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XB-ART-58536
Int J Mol Sci September 29, 2021; 22 (19):
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Translocation of TMEM175 Lysosomal Potassium Channel to the Plasma Membrane by Dynasore Compounds.

Pergel E , Veres I , Csigi GI , Czirják G .


Abstract
TMEM175 (transmembrane protein 175) coding sequence variants are associated with increased risk of Parkinson''s disease. TMEM175 is the ubiquitous lysosomal K+ channel regulated by growth factor receptor signaling and direct interaction with protein kinase B (PKB/Akt). In the present study, we show that the expression of mouse TMEM175 results in very small K+ currents through the plasma membrane in Xenopus laevis oocytes, in good accordance with the previously reported intracellular localization of the channel. However, the application of the dynamin inhibitor compounds, dynasore or dyngo-4a, substantially increased TMEM175 currents measured by the two-electrode voltage clamp method. TMEM175 was more permeable to cesium than potassium ions, voltage-dependently blocked by 4-aminopyridine (4-AP), and slightly inhibited by extracellular acidification. Immunocytochemistry experiments indicated that dyngo-4a increased the amount of epitope-tagged TMEM175 channel on the cell surface. The coexpression of dominant-negative dynamin, and the inhibition of clathrin- or caveolin-dependent endocytosis increased TMEM175 current much less than dynasore. Therefore, dynamin-independent pharmacological effects of dynasore may also contribute to the action on the channel. TMEM175 current rapidly decays after the withdrawal of dynasore, raising the possibility that an efficient internalization mechanism removes the channel from the plasma membrane. Dyngo-4a induced about 20-fold larger TMEM175 currents than the PKB activator SC79, or the coexpression of a constitutively active mutant PKB with the channel. In contrast, the allosteric PKB inhibitor MK2206 diminished the TMEM175 current in the presence of dyngo-4a. These data suggest that, in addition to the lysosomes, PKB-dependent regulation also influences TMEM175 current in the plasma membrane.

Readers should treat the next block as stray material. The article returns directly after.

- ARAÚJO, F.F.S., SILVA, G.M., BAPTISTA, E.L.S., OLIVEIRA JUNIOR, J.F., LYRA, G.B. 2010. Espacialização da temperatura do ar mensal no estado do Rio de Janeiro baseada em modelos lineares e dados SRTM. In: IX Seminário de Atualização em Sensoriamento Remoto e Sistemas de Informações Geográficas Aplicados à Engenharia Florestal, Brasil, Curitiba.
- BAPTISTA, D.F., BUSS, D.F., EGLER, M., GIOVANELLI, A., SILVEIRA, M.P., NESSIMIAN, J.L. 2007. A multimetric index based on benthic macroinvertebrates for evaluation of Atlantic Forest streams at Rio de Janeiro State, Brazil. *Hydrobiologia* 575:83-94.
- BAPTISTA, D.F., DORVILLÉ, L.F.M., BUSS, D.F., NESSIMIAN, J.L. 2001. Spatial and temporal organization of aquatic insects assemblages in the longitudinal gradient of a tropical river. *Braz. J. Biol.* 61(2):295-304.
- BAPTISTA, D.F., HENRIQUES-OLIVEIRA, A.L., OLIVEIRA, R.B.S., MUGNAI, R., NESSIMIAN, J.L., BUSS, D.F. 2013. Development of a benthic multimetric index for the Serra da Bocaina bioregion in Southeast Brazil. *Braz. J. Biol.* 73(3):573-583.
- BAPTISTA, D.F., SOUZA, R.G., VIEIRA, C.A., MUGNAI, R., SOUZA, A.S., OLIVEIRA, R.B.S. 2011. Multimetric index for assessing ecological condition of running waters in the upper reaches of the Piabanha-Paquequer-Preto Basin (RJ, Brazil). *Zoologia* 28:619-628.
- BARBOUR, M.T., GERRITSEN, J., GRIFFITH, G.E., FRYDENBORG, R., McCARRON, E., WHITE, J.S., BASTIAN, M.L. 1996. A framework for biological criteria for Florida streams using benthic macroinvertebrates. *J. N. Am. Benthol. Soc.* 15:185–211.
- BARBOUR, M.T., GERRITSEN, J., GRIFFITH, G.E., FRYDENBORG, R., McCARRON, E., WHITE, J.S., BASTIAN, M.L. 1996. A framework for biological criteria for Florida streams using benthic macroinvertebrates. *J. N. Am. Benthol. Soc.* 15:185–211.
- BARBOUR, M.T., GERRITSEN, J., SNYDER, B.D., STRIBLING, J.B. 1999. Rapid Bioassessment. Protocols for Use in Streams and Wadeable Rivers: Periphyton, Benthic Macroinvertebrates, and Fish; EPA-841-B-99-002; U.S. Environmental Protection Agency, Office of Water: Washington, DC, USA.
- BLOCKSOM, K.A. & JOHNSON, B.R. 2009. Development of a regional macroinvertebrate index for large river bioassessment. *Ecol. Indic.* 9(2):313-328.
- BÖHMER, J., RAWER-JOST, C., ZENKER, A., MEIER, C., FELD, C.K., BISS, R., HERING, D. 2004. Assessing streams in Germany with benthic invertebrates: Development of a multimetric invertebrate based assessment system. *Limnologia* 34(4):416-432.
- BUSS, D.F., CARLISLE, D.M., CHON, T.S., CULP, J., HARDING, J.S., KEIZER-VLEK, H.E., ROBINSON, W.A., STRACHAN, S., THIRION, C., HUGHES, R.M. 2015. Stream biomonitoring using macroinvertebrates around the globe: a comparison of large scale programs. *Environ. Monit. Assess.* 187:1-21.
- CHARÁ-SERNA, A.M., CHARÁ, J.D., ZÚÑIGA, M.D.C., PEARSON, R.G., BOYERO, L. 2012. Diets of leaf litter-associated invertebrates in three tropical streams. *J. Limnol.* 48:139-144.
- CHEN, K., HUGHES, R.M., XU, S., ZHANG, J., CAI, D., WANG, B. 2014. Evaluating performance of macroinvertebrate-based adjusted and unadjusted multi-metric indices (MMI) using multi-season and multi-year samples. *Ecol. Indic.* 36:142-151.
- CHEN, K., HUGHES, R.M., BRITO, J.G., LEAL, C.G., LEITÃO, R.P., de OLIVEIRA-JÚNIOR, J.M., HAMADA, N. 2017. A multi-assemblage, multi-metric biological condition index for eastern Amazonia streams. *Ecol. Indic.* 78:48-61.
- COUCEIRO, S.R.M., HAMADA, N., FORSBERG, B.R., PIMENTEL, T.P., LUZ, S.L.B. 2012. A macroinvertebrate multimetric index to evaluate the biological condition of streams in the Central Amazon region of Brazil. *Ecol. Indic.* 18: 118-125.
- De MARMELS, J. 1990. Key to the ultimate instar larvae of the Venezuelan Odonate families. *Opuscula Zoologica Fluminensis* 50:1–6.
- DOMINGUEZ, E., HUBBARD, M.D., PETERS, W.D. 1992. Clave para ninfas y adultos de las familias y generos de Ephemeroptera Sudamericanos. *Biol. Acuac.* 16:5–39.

PubMed ID: 34638858
PMC ID: PMC8508992
Article link: Int J Mol Sci
Grant support: [+]

Species referenced: Xenopus laevis
Genes referenced: akt1 cltc
GO keywords: potassium channel activity [+]

Disease Ontology terms: Parkinson's disease

Article Images: [+] show captions
References [+] :
Avenali, Glucocerebrosidase Defects as a Major Risk Factor for Parkinson's Disease. 2020, Pubmed